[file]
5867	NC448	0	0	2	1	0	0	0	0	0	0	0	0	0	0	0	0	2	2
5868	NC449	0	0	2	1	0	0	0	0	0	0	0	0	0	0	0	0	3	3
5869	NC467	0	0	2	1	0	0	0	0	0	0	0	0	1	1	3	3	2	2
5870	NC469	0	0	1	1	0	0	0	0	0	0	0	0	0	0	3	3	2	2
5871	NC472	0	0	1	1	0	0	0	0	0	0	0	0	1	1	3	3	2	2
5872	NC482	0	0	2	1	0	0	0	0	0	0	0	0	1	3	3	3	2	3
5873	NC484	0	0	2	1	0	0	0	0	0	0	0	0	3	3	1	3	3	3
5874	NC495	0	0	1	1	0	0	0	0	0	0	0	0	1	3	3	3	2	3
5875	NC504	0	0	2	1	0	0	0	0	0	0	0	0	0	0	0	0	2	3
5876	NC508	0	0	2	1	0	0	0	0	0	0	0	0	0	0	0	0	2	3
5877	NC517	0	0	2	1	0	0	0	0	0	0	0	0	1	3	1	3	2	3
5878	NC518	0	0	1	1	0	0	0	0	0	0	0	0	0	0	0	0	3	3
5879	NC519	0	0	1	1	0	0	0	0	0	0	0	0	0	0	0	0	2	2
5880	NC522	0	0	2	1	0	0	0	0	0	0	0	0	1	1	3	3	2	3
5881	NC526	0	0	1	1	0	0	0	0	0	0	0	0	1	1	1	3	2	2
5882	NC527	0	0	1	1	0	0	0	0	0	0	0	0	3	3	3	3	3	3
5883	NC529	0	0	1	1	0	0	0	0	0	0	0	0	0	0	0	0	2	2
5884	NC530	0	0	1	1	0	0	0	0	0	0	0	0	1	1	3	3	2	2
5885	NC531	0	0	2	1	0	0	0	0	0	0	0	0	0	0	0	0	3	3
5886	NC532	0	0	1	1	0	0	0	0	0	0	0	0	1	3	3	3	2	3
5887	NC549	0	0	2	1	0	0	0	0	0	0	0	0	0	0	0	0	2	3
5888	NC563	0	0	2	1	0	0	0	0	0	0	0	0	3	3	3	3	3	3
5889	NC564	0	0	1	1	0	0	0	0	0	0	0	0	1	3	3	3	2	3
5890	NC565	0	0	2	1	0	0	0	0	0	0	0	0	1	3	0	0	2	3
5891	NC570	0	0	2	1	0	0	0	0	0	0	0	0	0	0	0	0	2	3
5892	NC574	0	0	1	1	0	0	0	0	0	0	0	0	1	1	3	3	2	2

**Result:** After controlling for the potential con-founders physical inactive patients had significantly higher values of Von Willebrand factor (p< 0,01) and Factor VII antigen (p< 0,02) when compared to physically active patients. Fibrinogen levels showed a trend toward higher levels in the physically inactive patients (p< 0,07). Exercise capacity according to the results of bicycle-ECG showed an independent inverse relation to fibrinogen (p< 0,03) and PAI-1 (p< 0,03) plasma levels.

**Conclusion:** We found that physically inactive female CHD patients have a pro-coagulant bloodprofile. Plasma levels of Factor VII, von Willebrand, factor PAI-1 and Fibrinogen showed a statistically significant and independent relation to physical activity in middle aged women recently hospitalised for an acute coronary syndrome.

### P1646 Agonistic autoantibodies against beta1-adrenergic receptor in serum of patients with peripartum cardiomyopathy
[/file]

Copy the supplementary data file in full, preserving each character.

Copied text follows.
5867	NC448	0	0	2	1	0	0	0	0	0	0	0	0	0	0	0	0	2	2
5868	NC449	0	0	2	1	0	0	0	0	0	0	0	0	0	0	0	0	3	3
5869	NC467	0	0	2	1	0	0	0	0	0	0	0	0	1	1	3	3	2	2
5870	NC469	0	0	1	1	0	0	0	0	0	0	0	0	0	0	3	3	2	2
5871	NC472	0	0	1	1	0	0	0	0	0	0	0	0	1	1	3	3	2	2
5872	NC482	0	0	2	1	0	0	0	0	0	0	0	0	1	3	3	3	2	3
5873	NC484	0	0	2	1	0	0	0	0	0	0	0	0	3	3	1	3	3	3
5874	NC495	0	0	1	1	0	0	0	0	0	0	0	0	1	3	3	3	2	3
5875	NC504	0	0	2	1	0	0	0	0	0	0	0	0	0	0	0	0	2	3
5876	NC508	0	0	2	1	0	0	0	0	0	0	0	0	0	0	0	0	2	3
5877	NC517	0	0	2	1	0	0	0	0	0	0	0	0	1	3	1	3	2	3
5878	NC518	0	0	1	1	0	0	0	0	0	0	0	0	0	0	0	0	3	3
5879	NC519	0	0	1	1	0	0	0	0	0	0	0	0	0	0	0	0	2	2
5880	NC522	0	0	2	1	0	0	0	0	0	0	0	0	1	1	3	3	2	3
5881	NC526	0	0	1	1	0	0	0	0	0	0	0	0	1	1	1	3	2	2
5882	NC527	0	0	1	1	0	0	0	0	0	0	0	0	3	3	3	3	3	3
5883	NC529	0	0	1	1	0	0	0	0	0	0	0	0	0	0	0	0	2	2
5884	NC530	0	0	1	1	0	0	0	0	0	0	0	0	1	1	3	3	2	2
5885	NC531	0	0	2	1	0	0	0	0	0	0	0	0	0	0	0	0	3	3
5886	NC532	0	0	1	1	0	0	0	0	0	0	0	0	1	3	3	3	2	3
5887	NC549	0	0	2	1	0	0	0	0	0	0	0	0	0	0	0	0	2	3
5888	NC563	0	0	2	1	0	0	0	0	0	0	0	0	3	3	3	3	3	3
5889	NC564	0	0	1	1	0	0	0	0	0	0	0	0	1	3	3	3	2	3
5890	NC565	0	0	2	1	0	0	0	0	0	0	0	0	1	3	0	0	2	3
5891	NC570	0	0	2	1	0	0	0	0	0	0	0	0	0	0	0	0	2	3
5892	NC574	0	0	1	1	0	0	0	0	0	0	0	0	1	1	3	3	2	2

**Result:** After controlling for the potential con-founders physical inactive patients had significantly higher values of Von Willebrand factor (p< 0,01) and Factor VII antigen (p< 0,02) when compared to physically active patients. Fibrinogen levels showed a trend toward higher levels in the physically inactive patients (p< 0,07). Exercise capacity according to the results of bicycle-ECG showed an independent inverse relation to fibrinogen (p< 0,03) and PAI-1 (p< 0,03) plasma levels.

**Conclusion:** We found that physically inactive female CHD patients have a pro-coagulant bloodprofile. Plasma levels of Factor VII, von Willebrand, factor PAI-1 and Fibrinogen showed a statistically significant and independent relation to physical activity in middle aged women recently hospitalised for an acute coronary syndrome.

### P1646 Agonistic autoantibodies against beta1-adrenergic receptor in serum of patients with peripartum cardiomyopathy